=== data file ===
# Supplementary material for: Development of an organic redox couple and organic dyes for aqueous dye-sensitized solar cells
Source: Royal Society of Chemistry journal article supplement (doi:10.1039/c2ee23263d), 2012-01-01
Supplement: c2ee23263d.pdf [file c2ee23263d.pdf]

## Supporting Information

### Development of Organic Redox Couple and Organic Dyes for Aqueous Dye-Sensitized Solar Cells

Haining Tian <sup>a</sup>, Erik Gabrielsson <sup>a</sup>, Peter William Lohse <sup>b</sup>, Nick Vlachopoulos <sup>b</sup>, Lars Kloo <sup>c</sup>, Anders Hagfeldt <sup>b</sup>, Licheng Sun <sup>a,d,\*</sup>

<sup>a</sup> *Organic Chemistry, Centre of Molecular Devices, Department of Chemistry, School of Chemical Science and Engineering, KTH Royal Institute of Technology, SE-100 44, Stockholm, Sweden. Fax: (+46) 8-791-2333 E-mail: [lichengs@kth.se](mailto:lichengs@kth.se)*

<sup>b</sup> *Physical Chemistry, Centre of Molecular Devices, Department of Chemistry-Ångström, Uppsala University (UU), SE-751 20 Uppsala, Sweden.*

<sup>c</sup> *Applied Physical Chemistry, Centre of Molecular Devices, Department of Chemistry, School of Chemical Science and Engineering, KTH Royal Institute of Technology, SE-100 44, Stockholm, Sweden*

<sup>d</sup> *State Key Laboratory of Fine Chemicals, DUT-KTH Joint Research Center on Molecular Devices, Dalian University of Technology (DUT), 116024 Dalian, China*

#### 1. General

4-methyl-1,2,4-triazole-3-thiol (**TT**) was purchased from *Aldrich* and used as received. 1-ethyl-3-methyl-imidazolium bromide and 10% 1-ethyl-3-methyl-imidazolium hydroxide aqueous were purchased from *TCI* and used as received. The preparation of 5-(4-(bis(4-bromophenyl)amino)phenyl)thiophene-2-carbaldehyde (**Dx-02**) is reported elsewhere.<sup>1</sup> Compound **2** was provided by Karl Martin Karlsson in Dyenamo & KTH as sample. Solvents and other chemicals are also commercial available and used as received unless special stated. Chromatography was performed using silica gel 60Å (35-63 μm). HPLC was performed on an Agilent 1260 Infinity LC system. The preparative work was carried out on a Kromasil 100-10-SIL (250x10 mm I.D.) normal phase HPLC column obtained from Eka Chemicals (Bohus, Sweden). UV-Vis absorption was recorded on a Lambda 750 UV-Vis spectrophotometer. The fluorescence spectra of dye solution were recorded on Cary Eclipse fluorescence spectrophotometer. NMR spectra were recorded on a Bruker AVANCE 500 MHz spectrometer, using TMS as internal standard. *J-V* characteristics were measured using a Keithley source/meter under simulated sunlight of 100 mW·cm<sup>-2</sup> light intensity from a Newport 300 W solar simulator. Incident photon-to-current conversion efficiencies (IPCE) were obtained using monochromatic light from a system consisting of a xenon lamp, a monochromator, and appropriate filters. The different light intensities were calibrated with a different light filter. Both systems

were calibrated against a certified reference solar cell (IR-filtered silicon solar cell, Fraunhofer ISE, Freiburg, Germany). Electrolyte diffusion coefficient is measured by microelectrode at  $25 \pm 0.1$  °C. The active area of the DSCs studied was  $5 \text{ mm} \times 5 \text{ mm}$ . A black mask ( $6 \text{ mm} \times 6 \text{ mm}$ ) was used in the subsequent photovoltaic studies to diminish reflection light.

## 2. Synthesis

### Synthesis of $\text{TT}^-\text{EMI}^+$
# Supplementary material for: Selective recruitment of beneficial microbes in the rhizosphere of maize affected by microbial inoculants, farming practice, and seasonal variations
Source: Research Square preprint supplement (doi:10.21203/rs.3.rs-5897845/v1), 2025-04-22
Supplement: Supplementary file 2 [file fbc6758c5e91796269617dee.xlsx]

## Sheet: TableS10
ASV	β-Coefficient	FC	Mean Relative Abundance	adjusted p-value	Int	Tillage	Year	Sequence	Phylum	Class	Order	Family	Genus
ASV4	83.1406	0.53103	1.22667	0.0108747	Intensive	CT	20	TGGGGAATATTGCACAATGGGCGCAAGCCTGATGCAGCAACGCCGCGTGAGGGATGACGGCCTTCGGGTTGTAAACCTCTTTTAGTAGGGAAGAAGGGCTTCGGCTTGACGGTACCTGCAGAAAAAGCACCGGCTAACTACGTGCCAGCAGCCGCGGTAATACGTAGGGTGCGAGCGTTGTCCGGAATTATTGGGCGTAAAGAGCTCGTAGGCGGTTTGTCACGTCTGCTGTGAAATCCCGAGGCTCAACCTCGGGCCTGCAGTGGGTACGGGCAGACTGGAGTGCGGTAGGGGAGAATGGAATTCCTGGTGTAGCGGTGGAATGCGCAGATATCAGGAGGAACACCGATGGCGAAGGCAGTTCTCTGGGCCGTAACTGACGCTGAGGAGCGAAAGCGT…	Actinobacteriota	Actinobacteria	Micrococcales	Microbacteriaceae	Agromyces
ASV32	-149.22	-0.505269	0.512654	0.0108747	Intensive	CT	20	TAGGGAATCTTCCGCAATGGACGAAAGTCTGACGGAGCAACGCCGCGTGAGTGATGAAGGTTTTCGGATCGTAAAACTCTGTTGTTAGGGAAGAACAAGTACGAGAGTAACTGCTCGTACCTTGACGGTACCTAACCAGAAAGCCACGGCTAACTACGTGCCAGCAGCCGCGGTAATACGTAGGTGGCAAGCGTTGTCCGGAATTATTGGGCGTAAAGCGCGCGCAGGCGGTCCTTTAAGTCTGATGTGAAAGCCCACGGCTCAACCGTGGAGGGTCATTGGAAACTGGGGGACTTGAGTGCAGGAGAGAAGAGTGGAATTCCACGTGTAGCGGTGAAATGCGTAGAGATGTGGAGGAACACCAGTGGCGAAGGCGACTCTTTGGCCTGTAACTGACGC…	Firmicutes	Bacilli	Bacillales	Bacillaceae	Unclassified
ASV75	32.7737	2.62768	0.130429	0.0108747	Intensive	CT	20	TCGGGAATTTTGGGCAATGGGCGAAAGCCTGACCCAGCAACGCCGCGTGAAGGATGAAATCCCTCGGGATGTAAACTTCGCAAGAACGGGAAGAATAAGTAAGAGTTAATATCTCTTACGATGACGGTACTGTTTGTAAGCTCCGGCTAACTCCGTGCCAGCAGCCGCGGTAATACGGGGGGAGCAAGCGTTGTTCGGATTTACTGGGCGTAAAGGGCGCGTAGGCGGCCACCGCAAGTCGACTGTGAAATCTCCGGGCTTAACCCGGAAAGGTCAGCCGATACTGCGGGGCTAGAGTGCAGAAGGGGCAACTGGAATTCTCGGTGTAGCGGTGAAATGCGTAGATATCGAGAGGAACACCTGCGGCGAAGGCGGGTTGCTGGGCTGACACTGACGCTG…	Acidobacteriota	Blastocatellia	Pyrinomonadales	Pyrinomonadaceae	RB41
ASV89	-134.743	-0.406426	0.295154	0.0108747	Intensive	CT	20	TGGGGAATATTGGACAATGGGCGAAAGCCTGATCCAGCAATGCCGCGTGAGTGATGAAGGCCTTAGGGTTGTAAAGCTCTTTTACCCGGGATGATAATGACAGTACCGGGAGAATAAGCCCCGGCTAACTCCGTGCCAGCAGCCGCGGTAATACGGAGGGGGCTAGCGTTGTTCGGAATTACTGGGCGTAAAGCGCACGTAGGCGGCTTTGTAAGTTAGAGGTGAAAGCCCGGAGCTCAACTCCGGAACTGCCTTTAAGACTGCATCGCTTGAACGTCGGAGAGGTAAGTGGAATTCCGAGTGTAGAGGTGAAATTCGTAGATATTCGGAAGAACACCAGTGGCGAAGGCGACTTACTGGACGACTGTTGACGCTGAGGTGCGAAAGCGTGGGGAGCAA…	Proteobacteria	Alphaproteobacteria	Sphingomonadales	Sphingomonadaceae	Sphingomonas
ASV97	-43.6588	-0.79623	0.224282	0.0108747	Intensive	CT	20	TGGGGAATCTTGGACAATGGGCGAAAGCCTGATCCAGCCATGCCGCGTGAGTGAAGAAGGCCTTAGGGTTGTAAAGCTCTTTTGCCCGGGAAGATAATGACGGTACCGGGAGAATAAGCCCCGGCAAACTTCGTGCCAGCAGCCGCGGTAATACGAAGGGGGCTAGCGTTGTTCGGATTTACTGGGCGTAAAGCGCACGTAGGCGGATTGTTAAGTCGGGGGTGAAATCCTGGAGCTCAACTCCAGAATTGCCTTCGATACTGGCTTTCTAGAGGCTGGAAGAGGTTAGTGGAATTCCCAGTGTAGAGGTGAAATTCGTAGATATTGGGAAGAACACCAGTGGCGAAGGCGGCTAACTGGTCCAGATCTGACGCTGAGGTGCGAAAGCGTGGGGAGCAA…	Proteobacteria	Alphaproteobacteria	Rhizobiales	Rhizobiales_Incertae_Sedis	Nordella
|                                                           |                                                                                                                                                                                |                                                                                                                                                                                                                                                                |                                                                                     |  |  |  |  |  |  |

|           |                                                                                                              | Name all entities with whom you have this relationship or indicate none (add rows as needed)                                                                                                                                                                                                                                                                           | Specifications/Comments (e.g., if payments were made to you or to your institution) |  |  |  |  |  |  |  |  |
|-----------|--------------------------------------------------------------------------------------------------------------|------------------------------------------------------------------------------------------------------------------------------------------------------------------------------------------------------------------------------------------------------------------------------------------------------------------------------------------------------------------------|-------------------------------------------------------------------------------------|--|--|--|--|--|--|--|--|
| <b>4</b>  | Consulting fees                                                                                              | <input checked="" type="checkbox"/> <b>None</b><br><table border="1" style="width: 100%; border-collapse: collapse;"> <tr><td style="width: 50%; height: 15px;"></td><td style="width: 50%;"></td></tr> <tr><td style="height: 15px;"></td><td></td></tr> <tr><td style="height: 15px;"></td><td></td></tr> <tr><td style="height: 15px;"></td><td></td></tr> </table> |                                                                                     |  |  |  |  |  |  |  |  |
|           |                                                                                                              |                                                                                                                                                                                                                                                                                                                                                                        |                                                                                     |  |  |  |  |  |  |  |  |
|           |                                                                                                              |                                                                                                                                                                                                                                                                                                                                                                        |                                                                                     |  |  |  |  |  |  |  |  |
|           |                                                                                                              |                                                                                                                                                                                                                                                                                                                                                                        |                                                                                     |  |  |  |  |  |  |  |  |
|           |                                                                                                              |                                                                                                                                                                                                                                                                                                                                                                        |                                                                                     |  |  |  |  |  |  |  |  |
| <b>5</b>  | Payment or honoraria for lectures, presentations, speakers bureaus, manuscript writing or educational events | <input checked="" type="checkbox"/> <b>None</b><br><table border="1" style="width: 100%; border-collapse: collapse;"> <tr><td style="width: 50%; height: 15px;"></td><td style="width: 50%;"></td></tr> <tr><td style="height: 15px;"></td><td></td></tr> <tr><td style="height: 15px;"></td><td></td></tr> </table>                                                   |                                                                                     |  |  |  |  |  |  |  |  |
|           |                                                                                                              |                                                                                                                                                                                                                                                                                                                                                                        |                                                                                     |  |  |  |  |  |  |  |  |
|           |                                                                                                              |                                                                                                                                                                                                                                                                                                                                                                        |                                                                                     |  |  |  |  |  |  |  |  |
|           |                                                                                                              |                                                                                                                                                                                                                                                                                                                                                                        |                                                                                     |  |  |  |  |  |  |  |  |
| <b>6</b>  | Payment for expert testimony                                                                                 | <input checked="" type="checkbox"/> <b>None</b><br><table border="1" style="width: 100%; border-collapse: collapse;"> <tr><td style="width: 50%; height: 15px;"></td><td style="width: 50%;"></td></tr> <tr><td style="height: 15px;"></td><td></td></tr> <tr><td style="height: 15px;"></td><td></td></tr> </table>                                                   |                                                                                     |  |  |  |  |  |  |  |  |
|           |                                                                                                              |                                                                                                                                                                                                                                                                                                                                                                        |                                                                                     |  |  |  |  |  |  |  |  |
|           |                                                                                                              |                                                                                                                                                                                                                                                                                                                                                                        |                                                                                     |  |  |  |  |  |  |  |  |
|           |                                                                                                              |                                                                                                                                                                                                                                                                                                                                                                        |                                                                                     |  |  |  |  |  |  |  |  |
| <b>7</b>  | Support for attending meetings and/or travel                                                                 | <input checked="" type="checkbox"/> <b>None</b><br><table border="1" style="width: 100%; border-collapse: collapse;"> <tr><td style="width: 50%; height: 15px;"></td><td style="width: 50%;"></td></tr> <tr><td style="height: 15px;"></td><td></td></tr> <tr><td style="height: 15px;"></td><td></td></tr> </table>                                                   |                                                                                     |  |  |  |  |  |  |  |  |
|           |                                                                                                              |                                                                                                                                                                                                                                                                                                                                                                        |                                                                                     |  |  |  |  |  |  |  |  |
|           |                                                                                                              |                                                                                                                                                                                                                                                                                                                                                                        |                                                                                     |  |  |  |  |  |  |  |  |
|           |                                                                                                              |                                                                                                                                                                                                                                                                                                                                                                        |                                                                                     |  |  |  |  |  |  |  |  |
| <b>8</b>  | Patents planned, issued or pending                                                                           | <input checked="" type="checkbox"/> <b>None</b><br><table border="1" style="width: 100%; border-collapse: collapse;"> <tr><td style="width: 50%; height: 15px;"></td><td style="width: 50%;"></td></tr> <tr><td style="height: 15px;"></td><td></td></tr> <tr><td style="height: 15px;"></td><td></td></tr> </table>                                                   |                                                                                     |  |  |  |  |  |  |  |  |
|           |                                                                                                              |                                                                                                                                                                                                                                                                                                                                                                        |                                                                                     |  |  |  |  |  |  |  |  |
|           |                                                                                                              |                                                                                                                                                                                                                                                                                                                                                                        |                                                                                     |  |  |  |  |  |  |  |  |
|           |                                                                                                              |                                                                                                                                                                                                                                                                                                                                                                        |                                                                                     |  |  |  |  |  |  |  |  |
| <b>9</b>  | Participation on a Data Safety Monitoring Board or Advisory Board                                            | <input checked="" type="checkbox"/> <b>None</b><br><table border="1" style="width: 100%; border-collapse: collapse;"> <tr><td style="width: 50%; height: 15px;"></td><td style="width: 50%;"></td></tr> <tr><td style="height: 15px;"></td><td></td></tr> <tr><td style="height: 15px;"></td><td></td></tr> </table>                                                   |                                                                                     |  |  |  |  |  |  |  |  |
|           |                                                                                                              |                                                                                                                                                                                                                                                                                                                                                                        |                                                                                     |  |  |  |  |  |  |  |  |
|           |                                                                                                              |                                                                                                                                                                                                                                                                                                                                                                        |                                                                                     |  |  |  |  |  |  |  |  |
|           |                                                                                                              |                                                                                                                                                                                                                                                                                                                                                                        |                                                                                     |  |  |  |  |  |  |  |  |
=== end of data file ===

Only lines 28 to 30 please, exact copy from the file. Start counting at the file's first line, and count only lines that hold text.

|-----------|--------------------------------------------------------------------------------------------------------------|------------------------------------------------------------------------------------------------------------------------------------------------------------------------------------------------------------------------------------------------------------------------------------------------------------------------------------------------------------------------|-------------------------------------------------------------------------------------|--|--|--|--|--|--|--|--|
| <b>4</b>  | Consulting fees                                                                                              | <input checked="" type="checkbox"/> <b>None</b><br><table border="1" style="width: 100%; border-collapse: collapse;"> <tr><td style="width: 50%; height: 15px;"></td><td style="width: 50%;"></td></tr> <tr><td style="height: 15px;"></td><td></td></tr> <tr><td style="height: 15px;"></td><td></td></tr> <tr><td style="height: 15px;"></td><td></td></tr> </table> |                                                                                     |  |  |  |  |  |  |  |  |
|           |                                                                                                              |                                                                                                                                                                                                                                                                                                                                                                        |                                                                                     |  |  |  |  |  |  |  |  |